CryptoLocker Ransomware Spreading
Just last month, antivirus companies discovered a new ransomware known as Cryptolocker. This ransomware is particularly nasty because infected users are in danger of losing their personal files forever. Spread through email attachments, this ransomware has been seen targeting companies through phishing attacks. Cryptolocker will encrypt users’ files using asymmetric encryption, which requires both a public and private key. The public key is used to encrypt and verify data, while private key is used for decryption, each the inverse of the other.
Below is an image from Microsoft depicting the process of asymmetric encryption.
It’s infecting more than 10,000 victims on a weekly basis. This was the conclusion of security vendor Bitdefender, which conducted research on Crytolocker between October 27 and November 1.
The bad news is decryption is impossible unless a user has the private key stored on the cybercriminals’ server. Currently, infected users are instructed to pay $300 USD to receive this private key. Infected users also have a time limit to send the payment. If this time elapses, the private key is destroyed, and your files may be lost forever.
Files targeted are those commonly found on most PCs today; a list of file extensions for targeted files include:
3fr, accdb, ai, arw, bay, cdr, cer, cr2, crt, crw, dbf, dcr, der, dng, doc, docm, docx, dwg, dxf, dxg, eps, erf, indd, jpe, jpg, kdc, mdb, mdf, mef, mrw, nef, nrw, odb, odm, odp, ods, odt, orf, p12, p7b, p7c, pdd, pef, pem, pfx, ppt, pptm, pptx, psd, pst, ptx, r3d, raf, raw, rtf, rw2, rwl, srf, srw, wb2, wpd, wps, xlk, xls, xlsb, xlsm, xlsx
A few things you can do to prevent your PC from getting infected with the CryptoLocker virus:
- Most viruses are introduced by opening infected attachments or clicking on links to malware usually contained in spam emails. Avoid opening emails and attachments from unknown sources, especially zip or rar archive files.
- Using antivirus software is strongly recommended. Ensure the antivirus real time protection is active and virus database is up-to-date. Also keep your operating system and software up-to-date.
- Keep a backup. If you have a real-time backup software then make sure that you first clean the computer and then restore the unencrypted version of the files.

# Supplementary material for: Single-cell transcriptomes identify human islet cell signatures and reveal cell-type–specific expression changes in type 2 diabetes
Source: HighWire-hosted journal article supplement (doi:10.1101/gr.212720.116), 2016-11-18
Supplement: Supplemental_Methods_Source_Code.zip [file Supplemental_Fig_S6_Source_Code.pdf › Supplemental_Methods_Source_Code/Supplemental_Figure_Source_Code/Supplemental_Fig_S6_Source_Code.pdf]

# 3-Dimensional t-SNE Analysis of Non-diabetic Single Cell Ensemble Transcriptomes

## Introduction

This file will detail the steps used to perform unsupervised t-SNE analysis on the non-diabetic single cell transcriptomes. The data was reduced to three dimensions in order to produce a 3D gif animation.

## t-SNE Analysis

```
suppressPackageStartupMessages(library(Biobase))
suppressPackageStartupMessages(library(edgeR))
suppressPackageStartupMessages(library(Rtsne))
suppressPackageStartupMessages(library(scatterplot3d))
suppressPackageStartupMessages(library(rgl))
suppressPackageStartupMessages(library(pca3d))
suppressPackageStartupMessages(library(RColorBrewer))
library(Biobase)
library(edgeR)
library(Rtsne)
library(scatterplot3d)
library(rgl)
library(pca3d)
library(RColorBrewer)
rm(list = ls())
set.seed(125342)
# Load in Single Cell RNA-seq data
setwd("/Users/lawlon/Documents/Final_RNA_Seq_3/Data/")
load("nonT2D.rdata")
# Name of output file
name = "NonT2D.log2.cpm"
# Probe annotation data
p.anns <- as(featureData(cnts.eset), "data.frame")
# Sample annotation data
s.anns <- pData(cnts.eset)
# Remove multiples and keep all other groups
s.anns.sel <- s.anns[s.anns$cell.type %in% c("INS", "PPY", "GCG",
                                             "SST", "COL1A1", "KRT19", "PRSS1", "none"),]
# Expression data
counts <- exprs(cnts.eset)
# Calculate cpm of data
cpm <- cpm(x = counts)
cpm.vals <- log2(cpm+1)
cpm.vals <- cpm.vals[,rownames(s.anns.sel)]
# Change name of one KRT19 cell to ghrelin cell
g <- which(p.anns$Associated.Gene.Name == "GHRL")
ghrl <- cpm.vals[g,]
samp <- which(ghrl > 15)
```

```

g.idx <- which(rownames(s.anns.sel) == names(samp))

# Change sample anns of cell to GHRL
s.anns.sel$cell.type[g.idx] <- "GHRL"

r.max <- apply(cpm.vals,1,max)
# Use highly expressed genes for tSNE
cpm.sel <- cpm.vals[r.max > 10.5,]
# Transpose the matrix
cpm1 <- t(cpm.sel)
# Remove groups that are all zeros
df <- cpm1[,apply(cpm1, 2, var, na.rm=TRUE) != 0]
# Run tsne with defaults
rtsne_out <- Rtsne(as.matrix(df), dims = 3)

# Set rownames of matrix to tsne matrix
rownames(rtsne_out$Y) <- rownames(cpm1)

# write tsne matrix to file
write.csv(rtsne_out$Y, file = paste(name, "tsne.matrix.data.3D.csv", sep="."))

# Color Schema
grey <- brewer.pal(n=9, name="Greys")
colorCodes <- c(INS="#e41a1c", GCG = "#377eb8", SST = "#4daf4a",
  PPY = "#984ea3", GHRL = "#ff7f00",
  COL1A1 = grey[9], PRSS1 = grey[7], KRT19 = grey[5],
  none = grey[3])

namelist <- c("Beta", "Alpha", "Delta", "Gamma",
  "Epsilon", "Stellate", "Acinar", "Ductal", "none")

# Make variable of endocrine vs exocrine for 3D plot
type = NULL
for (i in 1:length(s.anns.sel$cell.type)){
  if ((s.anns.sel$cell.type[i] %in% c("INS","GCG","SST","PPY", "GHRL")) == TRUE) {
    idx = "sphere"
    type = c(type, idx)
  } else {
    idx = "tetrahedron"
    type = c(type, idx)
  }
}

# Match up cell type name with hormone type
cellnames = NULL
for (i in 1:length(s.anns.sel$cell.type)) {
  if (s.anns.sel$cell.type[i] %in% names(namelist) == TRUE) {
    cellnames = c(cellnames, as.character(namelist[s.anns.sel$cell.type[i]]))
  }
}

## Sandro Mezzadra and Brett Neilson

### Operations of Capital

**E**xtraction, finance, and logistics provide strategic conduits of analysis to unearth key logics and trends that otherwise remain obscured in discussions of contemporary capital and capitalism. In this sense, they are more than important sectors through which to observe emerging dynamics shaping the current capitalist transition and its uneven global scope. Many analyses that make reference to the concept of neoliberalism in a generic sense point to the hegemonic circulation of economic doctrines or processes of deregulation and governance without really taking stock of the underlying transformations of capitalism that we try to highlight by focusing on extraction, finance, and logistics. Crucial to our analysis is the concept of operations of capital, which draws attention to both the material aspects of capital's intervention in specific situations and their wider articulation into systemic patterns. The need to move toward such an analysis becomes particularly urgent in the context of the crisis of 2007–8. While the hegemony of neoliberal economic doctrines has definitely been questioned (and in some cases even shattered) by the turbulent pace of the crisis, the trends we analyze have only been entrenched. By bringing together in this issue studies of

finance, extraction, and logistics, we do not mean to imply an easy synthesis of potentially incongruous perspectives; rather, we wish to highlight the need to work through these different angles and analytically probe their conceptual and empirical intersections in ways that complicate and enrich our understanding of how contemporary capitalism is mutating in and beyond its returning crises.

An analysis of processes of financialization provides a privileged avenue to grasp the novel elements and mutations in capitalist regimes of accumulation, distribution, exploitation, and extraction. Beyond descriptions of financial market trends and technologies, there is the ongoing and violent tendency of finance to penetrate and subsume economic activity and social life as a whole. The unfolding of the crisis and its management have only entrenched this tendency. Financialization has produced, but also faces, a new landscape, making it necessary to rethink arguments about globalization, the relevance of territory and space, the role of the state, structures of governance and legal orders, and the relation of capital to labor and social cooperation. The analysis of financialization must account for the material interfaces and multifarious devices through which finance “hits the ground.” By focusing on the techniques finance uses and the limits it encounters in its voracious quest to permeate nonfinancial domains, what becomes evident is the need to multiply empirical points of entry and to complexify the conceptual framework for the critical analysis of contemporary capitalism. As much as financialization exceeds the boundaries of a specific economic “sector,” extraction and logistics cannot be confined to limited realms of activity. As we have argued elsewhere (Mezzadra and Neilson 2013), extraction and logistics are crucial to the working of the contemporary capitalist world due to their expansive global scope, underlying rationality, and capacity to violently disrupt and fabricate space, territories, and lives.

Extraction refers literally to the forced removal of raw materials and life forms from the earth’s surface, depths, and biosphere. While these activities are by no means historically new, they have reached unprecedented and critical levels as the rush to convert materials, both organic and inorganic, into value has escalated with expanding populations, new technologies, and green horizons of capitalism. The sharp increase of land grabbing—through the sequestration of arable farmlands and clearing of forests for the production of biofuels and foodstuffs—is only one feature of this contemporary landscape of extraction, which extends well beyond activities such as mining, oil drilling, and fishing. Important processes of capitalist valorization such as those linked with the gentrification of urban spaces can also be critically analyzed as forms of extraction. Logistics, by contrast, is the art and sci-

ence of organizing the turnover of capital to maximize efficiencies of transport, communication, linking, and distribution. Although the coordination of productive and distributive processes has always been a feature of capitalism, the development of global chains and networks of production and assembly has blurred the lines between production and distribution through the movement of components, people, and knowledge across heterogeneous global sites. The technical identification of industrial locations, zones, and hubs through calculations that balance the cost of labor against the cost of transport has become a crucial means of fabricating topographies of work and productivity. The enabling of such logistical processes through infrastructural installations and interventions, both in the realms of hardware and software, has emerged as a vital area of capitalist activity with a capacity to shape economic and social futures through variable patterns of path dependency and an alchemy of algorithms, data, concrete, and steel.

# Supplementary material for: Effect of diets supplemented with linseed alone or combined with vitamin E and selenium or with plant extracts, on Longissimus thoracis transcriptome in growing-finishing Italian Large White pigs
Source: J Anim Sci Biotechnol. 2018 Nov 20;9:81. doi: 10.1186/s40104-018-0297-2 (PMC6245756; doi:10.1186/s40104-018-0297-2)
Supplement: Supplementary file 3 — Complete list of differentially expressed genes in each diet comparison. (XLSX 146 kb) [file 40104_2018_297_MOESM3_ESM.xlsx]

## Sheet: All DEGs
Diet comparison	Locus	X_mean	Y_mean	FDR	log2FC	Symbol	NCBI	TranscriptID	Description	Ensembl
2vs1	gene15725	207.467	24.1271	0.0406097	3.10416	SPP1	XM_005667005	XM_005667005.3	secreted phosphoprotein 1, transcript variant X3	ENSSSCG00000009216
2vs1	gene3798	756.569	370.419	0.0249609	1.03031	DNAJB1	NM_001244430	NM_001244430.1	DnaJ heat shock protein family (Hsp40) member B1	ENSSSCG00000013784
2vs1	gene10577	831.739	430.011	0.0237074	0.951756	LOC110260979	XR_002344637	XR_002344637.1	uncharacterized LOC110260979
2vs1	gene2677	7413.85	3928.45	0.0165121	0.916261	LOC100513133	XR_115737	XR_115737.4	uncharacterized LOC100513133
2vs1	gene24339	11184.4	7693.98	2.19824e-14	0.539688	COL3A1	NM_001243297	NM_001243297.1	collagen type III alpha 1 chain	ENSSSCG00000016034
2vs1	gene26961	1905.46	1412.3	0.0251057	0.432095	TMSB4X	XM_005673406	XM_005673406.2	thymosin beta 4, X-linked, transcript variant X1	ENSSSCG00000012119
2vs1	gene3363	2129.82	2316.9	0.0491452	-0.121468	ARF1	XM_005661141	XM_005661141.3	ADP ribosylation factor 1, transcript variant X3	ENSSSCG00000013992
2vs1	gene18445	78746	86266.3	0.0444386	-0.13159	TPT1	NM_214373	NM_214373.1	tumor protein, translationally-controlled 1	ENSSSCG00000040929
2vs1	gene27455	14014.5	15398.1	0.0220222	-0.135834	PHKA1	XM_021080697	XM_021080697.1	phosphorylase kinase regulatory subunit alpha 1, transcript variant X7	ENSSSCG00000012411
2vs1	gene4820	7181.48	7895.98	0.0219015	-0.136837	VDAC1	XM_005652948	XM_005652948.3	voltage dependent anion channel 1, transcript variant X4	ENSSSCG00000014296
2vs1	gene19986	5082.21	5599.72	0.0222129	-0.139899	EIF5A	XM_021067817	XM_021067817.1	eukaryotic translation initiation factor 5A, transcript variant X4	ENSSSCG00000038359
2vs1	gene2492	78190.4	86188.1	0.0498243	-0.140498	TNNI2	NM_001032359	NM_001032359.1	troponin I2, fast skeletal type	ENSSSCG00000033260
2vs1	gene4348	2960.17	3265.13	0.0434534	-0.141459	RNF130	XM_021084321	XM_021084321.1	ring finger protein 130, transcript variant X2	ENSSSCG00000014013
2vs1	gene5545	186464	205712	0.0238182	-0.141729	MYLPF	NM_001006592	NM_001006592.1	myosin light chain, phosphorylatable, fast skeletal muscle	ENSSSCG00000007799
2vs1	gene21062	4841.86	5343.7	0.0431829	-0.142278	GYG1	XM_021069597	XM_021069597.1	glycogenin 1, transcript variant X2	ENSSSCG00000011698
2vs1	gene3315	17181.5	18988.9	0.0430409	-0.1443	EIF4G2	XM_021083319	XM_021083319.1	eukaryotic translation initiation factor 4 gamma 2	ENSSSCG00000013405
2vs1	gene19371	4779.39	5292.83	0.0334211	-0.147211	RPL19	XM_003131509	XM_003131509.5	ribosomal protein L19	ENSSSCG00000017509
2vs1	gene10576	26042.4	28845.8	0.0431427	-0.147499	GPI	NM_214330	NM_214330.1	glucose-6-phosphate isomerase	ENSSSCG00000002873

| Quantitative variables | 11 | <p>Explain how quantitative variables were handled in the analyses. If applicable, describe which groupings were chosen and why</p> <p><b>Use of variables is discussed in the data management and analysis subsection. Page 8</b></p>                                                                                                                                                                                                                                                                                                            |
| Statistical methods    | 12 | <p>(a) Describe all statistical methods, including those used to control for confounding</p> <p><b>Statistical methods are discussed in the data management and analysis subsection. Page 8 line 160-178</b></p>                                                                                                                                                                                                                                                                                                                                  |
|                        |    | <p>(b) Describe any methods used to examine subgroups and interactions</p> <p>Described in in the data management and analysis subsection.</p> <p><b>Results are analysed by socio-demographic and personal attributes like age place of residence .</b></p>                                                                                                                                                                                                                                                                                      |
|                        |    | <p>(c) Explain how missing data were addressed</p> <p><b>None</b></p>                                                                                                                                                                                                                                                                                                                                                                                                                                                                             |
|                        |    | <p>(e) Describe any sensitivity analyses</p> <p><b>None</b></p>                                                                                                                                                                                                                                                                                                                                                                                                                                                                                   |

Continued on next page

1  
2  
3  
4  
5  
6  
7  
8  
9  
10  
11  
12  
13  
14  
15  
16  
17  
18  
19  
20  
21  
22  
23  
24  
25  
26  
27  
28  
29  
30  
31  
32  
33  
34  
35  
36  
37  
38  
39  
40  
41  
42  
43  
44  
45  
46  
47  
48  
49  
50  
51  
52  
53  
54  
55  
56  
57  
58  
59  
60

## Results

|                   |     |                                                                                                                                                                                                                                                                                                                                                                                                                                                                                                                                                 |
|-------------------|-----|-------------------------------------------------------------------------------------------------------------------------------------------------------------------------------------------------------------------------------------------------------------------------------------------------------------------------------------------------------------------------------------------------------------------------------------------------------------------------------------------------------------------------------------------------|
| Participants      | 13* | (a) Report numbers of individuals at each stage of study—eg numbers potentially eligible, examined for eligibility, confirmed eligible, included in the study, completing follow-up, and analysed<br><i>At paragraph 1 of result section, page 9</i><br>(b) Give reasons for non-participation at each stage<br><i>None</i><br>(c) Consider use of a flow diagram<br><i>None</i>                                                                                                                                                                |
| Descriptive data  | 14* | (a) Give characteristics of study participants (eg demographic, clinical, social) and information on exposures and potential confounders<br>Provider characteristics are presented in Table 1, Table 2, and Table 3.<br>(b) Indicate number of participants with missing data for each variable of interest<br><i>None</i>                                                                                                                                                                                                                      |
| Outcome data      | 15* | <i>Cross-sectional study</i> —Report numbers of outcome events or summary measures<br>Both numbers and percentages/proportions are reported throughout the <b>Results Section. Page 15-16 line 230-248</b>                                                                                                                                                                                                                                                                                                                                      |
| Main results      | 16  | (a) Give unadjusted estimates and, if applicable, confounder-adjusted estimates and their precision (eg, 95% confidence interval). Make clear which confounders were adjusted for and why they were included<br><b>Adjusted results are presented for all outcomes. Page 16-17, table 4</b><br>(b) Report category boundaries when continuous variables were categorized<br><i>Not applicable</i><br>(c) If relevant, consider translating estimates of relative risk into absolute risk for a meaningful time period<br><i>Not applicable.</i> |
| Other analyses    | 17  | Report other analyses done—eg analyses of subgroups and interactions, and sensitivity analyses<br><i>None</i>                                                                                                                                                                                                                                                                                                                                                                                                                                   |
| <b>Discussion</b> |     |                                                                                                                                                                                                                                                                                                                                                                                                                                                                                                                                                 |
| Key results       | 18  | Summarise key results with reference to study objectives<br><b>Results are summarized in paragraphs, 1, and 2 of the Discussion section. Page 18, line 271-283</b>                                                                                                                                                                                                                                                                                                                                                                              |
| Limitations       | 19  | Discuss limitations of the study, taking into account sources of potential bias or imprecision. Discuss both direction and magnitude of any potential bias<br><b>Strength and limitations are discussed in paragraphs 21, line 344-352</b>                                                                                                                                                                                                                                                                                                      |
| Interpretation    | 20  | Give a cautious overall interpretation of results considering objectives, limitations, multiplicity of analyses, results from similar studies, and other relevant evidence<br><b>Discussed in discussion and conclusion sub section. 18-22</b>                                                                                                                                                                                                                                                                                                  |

- Create files in the Cloud and upload photos to online accounts like Flickr or Picasa.
- Windows 7 users should set up the System Restore points or, if you are using Windows 8, configure it to keep the file history.
- If Crypto locker already infected your machine, make sure you have reformatted your hard drive to completely remove the CryptoLocker trojan before you attempt to re-install Windows and/or restore your files from a backup.
It’s all well and good to prepare, but what if you already are infected? Despite the virus’s warning not to “disconnect from the Internet or turn off the computer,” this is exactly the first order of damage control.
You’ve got to realize these guys are criminals and they lie. The only thing turning off your computer does is keep the virus from continuing to infect.
In fact, unplugging your computer may save some of your files, if the virus is still in the process of infecting them.
Next, you need to figure out what damage has been done. Which files have you lost? Do you have backups of these files? If you don’t have backups, have you checked Windows’ System Restore files, which sometimes automatically back up the computer for you?
You should not pay these guys ransom. It’s just going to encourage malware authors to create similar viruses…. However reportedly paying ransom works. As a last resort it may help you out.